Each year, the Community Foundation gives more than $7 million in grants and scholarships. Agencies depend on our support to carry out their work in poverty reduction, to help libraries purchase books, to fund new homes through our housing partnership, to support the sustainability of local arts and culture institutions, and to ensure our young people are able to attend training or higher education.

Most importantly, the Community Foundation belongs to the community. Your gift means that we can meet the charitable intent of donors and adapt to the needs of the community as they change.

What makes giving to the Community Foundation so popular is the flexibility and the ability to give to the causes you care most about. Our Community Foundation remains the second largest per capita in the country, and that is thanks to you. My husband and I are proud to be monthly donors to the Community Foundation, and I hope you’ll consider the Community Foundation one of your best options for giving too. Contact us today to find out how to give, whether through cash, securities, IRA, life insurance, donor advised funds, or even real estate.

Blessings to you and your family as we enter this holiday season and thank you!

More than 70 people gathered for the Community Foundation’s annual Fall Donors Luncheon on October 18. The luncheon was held at the Black Box at the Dogwood Center for Performing Arts.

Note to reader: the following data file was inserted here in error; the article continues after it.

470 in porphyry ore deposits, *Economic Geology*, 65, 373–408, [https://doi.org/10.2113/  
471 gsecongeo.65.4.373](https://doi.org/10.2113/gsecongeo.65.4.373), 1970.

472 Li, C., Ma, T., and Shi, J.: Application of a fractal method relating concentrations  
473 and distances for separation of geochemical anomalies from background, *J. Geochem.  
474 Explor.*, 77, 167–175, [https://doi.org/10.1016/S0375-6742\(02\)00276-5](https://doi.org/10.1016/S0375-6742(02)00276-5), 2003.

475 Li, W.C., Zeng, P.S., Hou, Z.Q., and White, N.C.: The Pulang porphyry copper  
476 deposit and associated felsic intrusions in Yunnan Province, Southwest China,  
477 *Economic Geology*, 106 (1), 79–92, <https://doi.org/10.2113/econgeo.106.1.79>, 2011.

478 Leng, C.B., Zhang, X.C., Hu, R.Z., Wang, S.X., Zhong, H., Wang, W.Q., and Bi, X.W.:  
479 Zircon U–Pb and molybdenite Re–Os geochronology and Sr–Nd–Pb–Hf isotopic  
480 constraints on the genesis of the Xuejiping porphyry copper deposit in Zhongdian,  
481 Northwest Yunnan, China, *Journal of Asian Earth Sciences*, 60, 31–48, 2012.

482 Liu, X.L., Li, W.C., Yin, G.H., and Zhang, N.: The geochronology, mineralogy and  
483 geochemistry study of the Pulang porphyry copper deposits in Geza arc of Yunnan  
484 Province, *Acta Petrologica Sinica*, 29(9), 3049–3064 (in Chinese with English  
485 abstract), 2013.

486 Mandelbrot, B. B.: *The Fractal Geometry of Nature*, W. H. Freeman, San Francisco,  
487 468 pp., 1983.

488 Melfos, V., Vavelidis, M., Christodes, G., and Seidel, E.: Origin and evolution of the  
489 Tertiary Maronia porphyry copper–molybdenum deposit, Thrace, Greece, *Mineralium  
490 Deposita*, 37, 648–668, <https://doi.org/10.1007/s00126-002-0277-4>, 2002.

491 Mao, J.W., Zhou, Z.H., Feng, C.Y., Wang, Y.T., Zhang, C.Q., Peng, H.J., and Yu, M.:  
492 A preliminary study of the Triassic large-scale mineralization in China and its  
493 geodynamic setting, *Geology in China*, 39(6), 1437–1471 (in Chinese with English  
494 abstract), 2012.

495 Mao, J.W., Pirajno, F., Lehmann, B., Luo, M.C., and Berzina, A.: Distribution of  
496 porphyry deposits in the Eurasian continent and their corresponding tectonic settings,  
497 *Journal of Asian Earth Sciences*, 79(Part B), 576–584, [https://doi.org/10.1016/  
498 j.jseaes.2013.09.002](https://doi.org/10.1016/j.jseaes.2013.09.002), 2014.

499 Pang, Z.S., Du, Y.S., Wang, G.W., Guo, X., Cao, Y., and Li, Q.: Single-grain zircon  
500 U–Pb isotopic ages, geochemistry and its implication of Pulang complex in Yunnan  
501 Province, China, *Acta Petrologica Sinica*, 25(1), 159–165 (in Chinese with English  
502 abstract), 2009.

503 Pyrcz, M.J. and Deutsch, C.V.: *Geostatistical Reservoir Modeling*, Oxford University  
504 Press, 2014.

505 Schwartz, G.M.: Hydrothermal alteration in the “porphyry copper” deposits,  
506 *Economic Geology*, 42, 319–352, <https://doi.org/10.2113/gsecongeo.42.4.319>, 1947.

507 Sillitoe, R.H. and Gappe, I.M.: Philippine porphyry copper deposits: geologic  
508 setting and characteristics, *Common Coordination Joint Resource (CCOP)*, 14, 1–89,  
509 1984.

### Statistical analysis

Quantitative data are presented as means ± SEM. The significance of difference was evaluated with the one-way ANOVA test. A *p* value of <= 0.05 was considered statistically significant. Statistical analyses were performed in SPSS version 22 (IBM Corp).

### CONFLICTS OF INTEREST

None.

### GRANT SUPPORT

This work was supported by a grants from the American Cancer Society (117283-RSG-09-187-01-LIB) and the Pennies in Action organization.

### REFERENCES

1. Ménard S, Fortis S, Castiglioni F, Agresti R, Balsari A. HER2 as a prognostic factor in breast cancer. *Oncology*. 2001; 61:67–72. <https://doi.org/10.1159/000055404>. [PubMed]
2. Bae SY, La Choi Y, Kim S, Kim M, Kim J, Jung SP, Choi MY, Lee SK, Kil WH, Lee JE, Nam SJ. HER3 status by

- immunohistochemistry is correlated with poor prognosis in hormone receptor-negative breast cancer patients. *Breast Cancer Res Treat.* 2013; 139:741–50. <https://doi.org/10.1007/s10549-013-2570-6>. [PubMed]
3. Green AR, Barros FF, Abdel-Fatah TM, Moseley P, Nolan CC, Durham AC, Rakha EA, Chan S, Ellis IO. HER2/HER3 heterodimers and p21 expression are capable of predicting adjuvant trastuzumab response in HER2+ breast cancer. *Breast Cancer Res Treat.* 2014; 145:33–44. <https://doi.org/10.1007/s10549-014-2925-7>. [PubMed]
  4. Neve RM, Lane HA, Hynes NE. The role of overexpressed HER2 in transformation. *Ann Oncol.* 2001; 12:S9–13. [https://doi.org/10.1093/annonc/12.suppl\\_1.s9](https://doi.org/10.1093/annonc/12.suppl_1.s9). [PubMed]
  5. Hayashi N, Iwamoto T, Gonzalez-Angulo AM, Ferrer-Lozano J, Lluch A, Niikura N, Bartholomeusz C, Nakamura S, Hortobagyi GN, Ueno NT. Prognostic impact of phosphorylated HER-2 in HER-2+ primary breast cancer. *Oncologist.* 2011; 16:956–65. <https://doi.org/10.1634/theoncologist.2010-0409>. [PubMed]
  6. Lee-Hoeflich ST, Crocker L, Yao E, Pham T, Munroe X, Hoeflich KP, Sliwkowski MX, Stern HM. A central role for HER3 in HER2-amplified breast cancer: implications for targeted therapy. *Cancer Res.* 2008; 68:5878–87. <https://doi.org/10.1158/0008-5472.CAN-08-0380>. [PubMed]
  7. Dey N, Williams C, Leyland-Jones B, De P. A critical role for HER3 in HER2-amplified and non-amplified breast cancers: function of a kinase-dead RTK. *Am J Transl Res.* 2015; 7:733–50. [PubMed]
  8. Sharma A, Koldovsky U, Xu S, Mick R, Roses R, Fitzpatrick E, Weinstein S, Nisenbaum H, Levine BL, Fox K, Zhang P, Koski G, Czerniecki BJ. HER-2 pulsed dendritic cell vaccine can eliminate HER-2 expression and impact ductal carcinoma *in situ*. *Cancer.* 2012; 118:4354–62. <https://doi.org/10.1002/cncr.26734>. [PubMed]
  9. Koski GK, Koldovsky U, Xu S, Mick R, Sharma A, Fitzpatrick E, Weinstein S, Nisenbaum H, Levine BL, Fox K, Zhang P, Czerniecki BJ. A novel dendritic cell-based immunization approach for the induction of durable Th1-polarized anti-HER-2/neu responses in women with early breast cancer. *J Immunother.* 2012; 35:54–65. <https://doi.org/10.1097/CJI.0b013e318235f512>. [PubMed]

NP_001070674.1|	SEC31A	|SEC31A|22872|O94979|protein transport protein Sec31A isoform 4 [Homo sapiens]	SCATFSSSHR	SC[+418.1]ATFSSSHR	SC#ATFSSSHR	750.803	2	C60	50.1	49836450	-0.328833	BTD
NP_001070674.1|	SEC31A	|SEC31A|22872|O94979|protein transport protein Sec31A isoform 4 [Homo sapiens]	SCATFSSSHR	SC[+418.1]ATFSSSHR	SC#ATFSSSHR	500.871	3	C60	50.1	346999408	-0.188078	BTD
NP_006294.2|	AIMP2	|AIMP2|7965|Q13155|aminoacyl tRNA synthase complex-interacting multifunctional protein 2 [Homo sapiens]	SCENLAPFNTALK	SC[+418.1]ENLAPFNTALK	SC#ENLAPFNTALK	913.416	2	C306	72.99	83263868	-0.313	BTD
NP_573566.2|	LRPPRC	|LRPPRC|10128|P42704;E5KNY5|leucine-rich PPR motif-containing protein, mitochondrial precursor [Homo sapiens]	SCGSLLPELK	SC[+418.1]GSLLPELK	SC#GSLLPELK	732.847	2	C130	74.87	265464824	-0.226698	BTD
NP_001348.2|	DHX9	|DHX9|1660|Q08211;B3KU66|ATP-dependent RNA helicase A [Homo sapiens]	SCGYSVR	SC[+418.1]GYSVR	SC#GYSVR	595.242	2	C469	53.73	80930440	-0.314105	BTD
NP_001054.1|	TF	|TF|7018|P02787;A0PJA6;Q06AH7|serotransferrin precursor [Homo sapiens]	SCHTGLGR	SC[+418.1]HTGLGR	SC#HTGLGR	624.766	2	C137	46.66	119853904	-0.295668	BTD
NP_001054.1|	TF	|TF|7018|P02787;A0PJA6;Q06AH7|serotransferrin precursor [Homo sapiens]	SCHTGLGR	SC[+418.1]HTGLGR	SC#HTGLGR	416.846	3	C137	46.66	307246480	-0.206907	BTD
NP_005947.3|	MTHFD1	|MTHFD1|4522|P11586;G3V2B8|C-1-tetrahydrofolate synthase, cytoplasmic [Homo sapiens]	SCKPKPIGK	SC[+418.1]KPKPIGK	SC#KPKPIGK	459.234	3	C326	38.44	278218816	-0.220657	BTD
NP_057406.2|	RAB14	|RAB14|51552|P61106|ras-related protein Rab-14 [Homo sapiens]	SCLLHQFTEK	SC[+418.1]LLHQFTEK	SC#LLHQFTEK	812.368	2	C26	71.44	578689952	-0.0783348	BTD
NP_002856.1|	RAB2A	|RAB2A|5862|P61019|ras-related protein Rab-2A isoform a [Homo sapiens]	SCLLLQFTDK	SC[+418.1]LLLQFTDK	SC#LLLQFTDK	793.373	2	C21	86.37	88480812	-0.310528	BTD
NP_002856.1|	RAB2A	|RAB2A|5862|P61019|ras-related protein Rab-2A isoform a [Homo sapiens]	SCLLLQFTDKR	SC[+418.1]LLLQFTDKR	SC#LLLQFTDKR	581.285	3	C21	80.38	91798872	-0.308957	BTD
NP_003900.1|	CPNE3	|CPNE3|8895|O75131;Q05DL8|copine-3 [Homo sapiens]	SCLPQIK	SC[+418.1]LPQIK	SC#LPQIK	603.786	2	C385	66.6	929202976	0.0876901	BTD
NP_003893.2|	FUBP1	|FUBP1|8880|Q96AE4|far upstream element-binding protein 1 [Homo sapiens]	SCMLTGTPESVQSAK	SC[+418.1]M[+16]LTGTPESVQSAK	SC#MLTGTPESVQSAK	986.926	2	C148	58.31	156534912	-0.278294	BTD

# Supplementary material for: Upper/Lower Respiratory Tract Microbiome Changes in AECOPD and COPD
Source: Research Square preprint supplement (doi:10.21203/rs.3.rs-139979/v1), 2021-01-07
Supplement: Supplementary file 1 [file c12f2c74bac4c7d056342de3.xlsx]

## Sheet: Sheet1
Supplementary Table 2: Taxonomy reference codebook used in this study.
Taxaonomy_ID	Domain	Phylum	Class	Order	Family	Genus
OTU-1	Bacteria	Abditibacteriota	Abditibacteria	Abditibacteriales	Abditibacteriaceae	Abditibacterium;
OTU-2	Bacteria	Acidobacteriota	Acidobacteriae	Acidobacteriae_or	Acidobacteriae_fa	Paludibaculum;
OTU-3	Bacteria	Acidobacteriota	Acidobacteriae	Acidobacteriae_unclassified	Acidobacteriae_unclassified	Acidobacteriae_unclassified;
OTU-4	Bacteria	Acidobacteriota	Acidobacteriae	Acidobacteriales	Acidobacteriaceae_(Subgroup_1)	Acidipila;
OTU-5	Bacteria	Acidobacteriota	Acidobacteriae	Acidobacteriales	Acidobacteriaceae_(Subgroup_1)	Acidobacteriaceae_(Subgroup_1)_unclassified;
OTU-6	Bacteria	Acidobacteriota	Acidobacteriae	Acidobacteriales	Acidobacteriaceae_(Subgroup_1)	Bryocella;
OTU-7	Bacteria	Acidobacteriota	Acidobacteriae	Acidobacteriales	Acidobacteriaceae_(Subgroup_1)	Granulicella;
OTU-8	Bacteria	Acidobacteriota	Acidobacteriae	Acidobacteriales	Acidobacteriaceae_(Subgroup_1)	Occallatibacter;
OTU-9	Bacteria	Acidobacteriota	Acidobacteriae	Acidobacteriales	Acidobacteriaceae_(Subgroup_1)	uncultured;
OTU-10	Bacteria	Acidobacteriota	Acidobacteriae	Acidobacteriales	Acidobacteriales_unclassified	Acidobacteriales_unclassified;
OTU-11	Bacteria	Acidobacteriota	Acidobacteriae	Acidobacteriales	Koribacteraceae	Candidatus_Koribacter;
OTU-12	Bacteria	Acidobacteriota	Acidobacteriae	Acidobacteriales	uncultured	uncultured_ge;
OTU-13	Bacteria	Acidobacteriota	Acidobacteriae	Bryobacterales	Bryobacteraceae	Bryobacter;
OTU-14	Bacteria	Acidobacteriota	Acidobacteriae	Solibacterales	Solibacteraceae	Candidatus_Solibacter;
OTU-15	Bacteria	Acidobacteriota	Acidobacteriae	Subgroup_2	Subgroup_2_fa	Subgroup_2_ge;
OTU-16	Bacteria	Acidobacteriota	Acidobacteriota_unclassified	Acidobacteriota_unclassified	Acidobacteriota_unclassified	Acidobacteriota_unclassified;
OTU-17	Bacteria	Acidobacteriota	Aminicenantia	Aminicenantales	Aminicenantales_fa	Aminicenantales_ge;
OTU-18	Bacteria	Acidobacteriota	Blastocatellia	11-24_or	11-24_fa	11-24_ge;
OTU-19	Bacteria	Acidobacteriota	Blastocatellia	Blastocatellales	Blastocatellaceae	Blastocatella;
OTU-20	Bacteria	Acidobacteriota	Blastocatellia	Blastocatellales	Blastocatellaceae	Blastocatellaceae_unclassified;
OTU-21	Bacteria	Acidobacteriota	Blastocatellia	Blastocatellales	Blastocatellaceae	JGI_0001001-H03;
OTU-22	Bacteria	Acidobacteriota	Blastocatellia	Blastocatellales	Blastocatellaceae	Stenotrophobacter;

Shelly Kasprzycki, our president and CEO, provided an update on some of the organization’s recent work. She spoke about the recent launch of the Housing Partnership Fund, which has awarded its first three grants to support local housing creation. She also highlighted the work of the Youth Advisory Committee and the Community Foundation’s continuing priority of increasing educational attainment.

“Philanthropy is always changing,” said Shelly, “But our most important constant is all of you.”

Shelly then introduced the first of three brief presentations from longtime partners of the Community Foundation. Dick and Carol Dunning spoke about the inspiration for the agriculture scholarship they created. Dick talked about being the fourth generation on his family’s farm and shared that “agriculture ran deep in my blood.”

Carol also talked about the influence of family.

“I grew up in a family where giving was the norm,” she said. “My parents established a scholarship at the Community Foundation, and I was so excited to tell my dad that we started a scholarship too, and that it was all because of him.”